I was in fifteen metres of water, having a panic attack and trying not to drown, but also hoping that no-one would notice. That is what I remember most clearly about visiting the Great Barrier Reef.
I am not a natural swimmer. School swimming carnivals entailed a creeping horror in the days beforehand, which was followed by a dank knot of fear in my belly when walking through the doors of the pool. To this day I experience a mild sense of panic if I smell chlorine, even if it is only a waft from the downstairs pool while I visit another part of a gym.
The locus of terror for me is the immersion of my head in water, especially at depth. The inability to breathe, the disorientation and the tide of rising panic have been alarming enough to keep me away from potentially fatal bodies of water for my entire life. With much effort I have managed to train myself to perform a kind of desperate breaststroke which, while not exactly impressive, allows me to move forward in the water while keeping my head largely above it. No swimming teacher would give me a pass, but I can mostly avoid the humiliation of not being able to swim while also not suffering existential dread near water deeper than my bathtub.
With that in mind, I consider it a triumph that I was able to visit the Great Barrier Reef at all, let alone twice.
Astute readers will be aware that the Reef, intermittently nominated for spurious “7 Wonders of the Natural World” lists is an accretion of coral and fish that stretches for thousands of kilometres along the coastline of Queensland. These same astute readers will also be aware that the Reef is currently under threat from warming of the oceans driven by anthropogenic climate change. For something so extensive, the reef is surprisingly fragile. A change in the water temperature of only a couple of degrees is quite able to bleach large parts of it and render the various marine creatures homeless until they too expire. I was lucky enough to be able to visit twice in the early 2010s, but I may have been one of the last.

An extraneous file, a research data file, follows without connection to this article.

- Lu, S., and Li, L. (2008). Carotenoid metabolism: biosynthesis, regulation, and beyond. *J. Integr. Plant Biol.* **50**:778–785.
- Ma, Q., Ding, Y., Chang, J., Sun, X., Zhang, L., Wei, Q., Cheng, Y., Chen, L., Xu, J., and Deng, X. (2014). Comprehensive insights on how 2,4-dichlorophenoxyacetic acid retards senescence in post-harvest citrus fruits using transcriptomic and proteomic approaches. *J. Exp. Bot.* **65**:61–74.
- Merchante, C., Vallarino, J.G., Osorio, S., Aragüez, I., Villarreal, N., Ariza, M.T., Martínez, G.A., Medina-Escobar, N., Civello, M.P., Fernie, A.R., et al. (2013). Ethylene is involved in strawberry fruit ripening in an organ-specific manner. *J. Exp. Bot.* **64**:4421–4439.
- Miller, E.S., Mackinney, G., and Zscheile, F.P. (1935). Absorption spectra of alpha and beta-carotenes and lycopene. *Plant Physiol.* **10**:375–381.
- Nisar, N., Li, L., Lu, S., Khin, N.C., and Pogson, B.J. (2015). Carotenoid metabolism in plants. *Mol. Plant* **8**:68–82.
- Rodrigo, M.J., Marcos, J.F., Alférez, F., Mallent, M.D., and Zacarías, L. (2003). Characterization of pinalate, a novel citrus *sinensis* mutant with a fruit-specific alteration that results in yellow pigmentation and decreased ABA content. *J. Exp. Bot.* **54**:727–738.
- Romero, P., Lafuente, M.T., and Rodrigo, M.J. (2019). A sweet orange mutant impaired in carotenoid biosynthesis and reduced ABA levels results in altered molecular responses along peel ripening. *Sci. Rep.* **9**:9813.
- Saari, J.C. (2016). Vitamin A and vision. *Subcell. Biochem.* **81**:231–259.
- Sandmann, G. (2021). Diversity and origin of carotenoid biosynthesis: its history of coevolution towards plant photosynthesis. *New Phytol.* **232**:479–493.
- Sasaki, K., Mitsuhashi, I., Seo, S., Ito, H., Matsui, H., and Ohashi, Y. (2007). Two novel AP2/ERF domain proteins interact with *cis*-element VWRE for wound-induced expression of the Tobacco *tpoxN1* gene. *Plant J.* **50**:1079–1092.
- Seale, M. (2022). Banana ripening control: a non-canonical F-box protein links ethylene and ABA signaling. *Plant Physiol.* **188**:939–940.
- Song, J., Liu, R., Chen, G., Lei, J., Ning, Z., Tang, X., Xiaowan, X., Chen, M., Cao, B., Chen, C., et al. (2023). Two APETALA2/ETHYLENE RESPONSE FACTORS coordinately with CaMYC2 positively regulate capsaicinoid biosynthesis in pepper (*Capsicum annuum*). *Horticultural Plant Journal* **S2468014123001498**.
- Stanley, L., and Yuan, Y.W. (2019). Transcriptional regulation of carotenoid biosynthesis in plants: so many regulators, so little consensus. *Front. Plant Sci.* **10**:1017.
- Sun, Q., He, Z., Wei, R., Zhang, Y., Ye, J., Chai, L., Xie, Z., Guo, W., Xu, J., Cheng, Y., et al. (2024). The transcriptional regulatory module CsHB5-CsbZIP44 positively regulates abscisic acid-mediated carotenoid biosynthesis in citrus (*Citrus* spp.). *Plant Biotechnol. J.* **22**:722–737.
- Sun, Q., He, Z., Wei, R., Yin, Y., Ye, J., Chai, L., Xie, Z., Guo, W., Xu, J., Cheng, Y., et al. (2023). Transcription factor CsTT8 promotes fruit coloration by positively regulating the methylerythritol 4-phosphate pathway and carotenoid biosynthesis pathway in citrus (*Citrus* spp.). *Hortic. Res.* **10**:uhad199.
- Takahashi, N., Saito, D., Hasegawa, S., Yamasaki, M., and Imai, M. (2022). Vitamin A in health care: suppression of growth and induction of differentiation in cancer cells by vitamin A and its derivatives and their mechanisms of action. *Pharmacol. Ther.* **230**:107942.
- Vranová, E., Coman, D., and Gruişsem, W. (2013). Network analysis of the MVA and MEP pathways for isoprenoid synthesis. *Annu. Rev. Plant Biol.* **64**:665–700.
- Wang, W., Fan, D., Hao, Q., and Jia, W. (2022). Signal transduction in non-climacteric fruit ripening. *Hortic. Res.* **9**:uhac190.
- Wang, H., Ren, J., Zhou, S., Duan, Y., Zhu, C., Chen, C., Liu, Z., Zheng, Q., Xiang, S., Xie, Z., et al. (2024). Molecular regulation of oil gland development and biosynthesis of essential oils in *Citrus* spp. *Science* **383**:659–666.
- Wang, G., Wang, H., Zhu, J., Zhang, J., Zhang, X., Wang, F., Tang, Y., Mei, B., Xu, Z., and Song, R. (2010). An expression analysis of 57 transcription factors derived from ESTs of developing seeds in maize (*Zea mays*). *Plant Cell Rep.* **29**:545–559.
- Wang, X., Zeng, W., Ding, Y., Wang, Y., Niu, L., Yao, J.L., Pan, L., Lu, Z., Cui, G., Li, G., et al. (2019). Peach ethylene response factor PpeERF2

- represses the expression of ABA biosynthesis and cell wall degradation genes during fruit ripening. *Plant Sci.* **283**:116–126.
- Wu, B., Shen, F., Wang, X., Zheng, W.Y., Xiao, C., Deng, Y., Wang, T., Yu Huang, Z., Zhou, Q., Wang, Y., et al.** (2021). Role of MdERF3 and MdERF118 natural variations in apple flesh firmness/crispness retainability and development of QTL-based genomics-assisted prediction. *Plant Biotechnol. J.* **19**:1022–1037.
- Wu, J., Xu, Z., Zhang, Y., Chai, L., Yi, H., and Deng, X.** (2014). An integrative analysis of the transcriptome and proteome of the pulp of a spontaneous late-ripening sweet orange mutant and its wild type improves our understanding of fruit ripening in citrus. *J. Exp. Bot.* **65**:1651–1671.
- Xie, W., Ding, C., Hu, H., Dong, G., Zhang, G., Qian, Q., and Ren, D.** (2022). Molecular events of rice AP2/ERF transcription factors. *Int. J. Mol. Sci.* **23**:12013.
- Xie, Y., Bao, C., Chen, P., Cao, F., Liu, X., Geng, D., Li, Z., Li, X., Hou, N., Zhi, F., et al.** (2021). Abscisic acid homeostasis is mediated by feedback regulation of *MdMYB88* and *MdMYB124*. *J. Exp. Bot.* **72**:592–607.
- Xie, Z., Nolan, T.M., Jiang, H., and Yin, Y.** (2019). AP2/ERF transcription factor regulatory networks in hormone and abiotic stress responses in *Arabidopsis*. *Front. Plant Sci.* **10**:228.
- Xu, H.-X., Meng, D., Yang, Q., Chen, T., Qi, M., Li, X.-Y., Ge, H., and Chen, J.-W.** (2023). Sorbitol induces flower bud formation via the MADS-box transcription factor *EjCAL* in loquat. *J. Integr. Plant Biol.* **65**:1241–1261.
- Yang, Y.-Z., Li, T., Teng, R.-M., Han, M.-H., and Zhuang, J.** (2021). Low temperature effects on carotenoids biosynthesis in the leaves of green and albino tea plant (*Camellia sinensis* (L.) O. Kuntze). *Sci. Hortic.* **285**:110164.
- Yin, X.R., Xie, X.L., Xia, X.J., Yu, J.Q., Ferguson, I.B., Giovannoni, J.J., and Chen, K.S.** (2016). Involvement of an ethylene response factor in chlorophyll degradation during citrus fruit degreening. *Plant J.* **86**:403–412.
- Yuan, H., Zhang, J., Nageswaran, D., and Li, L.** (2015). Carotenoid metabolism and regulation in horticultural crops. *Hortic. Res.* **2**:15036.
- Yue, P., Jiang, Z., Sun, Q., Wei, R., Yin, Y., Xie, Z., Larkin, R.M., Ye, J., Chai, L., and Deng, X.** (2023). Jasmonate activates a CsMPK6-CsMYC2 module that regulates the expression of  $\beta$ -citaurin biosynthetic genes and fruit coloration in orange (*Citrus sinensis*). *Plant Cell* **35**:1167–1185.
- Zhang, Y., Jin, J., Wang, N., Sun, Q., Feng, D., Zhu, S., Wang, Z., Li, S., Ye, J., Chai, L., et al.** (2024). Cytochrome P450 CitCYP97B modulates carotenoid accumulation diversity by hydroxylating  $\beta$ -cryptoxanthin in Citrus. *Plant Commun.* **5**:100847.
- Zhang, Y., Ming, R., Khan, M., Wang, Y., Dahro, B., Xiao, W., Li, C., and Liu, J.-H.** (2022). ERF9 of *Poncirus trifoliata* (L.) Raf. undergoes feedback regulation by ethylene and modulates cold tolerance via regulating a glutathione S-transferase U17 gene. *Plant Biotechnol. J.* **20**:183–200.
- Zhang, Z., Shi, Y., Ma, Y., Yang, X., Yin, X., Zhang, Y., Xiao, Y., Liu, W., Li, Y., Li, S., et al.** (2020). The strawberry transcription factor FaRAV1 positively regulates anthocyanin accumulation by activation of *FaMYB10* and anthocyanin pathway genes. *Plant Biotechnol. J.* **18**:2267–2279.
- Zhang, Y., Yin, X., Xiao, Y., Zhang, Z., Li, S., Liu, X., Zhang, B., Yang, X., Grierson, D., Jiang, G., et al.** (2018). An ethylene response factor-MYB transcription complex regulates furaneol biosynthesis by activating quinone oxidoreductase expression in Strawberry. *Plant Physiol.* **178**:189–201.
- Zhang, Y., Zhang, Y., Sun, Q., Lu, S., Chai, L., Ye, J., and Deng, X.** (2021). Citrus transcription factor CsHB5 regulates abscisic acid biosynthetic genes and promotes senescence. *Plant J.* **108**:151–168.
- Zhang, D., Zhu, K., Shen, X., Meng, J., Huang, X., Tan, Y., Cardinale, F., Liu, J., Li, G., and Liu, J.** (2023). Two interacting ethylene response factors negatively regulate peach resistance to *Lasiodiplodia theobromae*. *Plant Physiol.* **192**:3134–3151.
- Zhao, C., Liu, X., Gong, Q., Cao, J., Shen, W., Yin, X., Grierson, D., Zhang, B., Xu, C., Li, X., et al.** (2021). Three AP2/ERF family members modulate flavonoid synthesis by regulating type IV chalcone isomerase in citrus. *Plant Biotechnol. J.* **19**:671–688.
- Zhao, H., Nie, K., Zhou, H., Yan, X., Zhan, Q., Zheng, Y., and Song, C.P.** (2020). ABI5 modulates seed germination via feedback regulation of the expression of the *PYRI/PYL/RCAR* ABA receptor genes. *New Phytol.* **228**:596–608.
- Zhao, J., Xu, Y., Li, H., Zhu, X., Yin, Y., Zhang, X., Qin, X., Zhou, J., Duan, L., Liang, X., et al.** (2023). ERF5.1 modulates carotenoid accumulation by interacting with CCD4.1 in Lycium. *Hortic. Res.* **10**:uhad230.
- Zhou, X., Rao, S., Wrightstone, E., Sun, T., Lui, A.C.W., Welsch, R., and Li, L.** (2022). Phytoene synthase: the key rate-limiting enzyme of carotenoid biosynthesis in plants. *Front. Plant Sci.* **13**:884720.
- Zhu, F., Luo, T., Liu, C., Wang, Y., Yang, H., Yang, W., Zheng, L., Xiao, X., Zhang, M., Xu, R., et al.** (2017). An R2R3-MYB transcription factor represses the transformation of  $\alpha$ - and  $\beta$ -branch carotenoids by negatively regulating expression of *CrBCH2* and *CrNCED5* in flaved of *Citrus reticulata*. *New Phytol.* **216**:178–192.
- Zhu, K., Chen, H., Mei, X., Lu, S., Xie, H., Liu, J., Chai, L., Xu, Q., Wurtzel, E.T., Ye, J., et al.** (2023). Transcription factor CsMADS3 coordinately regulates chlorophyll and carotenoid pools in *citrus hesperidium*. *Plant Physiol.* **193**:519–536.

The Great Barrier Reef has been known to the Aboriginal people for thousands of years, but the first British record came when Captain Cook embarrassingly ran aground on it in 1770. These days it is a major tourist attraction, chiefly for divers and snorkelers accessing the reef from Cairns or the backpacker ghetto of Airlie Beach. Tourists cruise up and down the coast in vans, trying to emulate hippy nomads of the 60s. South of Noosa there is surfing but the reef makes that impossible further north. Tourist operators have filled the gap by installing giant pontoons several kilometres out to sea. From these giant floating platforms the enthusiastic visitor can snorkel about, and the more timid can descend below decks to observe listless fish through domed perspex windows. The younger visitors, including almost everyone under the age of 25, seem to get the most satisfaction from chasing each other around and invoking a round of shushing from their parents.
I opted to go on a snorkelling trip and was duly provided with ill-fitting snorkelling gear and a saggy lycra bag resembling a very budget wetsuit. It turned out that this was a stinger suit. The warmer months in North Queensland are stinger season, when the normally placid seas of the sweaty latitudes are colonised by plagues of savage jellyfish which are hungry for human flesh. A sting from one of them brings debilitating agony, neurological shutdown, and may result in strangers urinating on you in an attempt to deactivate the venom. Or so I was told.